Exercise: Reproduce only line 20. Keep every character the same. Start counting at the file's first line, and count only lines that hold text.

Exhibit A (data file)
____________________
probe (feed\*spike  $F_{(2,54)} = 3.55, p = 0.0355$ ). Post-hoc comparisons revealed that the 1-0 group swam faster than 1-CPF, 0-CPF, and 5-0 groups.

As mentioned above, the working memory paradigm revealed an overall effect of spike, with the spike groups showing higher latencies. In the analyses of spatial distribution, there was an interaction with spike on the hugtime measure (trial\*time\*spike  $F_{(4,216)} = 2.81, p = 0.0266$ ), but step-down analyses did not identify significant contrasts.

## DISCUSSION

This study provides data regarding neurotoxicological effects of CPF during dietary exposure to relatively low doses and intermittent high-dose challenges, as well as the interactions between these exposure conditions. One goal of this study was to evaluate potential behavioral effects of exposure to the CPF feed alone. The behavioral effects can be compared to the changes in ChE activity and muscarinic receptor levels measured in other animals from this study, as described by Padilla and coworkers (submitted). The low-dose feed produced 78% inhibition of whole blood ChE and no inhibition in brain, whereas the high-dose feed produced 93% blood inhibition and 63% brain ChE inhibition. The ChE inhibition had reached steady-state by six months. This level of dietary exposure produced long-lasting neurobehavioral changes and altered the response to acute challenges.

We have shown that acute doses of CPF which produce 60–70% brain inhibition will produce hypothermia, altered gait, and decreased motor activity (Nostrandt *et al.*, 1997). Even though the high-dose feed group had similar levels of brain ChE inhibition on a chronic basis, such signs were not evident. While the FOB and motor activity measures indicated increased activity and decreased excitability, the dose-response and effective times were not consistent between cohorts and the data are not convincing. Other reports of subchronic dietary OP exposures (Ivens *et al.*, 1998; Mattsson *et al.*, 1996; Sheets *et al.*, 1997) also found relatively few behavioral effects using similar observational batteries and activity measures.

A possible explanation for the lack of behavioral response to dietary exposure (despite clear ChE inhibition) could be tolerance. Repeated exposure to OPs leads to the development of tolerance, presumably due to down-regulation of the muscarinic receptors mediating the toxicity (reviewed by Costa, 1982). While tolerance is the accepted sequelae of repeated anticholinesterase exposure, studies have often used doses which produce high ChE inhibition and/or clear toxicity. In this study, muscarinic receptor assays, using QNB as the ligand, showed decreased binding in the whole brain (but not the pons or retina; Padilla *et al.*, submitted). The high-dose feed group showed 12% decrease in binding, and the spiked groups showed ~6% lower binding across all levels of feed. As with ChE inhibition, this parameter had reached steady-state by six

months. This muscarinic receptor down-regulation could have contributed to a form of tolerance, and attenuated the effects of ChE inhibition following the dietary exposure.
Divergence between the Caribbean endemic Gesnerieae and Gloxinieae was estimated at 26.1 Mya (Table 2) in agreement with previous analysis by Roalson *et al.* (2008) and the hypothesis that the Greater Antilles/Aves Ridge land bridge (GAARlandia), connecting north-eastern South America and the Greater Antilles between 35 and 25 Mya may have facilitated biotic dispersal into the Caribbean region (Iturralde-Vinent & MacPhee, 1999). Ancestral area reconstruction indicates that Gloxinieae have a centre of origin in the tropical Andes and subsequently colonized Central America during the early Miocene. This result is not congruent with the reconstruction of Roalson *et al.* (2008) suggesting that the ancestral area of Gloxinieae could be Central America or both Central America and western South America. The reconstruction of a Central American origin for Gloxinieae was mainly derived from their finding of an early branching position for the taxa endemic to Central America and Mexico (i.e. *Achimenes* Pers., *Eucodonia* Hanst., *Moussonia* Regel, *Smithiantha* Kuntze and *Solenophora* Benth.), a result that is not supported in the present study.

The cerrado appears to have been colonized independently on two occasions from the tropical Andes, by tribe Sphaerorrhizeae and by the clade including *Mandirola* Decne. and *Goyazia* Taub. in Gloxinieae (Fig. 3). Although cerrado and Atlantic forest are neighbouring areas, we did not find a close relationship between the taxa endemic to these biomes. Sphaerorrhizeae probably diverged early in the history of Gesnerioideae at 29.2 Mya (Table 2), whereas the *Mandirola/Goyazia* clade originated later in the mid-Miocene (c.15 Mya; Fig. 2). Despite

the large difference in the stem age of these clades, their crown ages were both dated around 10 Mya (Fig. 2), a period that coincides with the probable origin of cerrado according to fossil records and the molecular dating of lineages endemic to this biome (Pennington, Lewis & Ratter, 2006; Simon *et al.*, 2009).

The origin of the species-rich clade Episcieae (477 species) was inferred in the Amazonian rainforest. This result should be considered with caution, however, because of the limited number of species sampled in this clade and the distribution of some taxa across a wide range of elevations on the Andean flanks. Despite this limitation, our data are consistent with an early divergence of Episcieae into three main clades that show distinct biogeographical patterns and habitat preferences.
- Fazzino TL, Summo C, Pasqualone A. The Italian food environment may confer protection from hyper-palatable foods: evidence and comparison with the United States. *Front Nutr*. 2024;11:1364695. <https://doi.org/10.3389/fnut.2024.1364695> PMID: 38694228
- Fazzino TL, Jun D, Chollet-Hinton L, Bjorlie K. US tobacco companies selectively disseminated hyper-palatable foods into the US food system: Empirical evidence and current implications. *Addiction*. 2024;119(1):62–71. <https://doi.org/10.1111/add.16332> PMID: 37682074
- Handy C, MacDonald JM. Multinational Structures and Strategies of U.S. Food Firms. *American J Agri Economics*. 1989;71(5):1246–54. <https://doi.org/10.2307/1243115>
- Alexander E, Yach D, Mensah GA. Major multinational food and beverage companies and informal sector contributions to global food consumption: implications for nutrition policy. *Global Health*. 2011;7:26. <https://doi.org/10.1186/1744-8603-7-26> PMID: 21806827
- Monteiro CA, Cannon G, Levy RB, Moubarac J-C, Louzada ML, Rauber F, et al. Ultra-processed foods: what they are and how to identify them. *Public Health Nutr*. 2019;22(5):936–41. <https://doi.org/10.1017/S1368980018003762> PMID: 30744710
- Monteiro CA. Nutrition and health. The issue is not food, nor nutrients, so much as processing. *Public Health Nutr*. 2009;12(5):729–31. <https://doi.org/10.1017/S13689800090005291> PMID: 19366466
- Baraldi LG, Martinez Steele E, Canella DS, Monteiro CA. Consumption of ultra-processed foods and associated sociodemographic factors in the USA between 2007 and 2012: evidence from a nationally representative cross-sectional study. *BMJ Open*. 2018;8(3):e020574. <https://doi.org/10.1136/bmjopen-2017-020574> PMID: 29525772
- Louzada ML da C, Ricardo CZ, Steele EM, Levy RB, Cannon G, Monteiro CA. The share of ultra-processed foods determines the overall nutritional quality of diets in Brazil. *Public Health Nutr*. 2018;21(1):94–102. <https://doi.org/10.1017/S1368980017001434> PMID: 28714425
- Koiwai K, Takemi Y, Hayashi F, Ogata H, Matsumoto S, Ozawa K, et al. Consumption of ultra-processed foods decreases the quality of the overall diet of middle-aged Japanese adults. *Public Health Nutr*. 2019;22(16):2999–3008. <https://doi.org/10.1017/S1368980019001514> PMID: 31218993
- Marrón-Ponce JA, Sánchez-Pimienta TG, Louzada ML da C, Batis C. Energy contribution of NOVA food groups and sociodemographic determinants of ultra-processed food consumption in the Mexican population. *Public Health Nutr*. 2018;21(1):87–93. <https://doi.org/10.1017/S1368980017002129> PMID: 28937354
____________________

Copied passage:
- Koiwai K, Takemi Y, Hayashi F, Ogata H, Matsumoto S, Ozawa K, et al. Consumption of ultra-processed foods decreases the quality of the overall diet of middle-aged Japanese adults. *Public Health Nutr*. 2019;22(16):2999–3008. <https://doi.org/10.1017/S1368980019001514> PMID: 31218993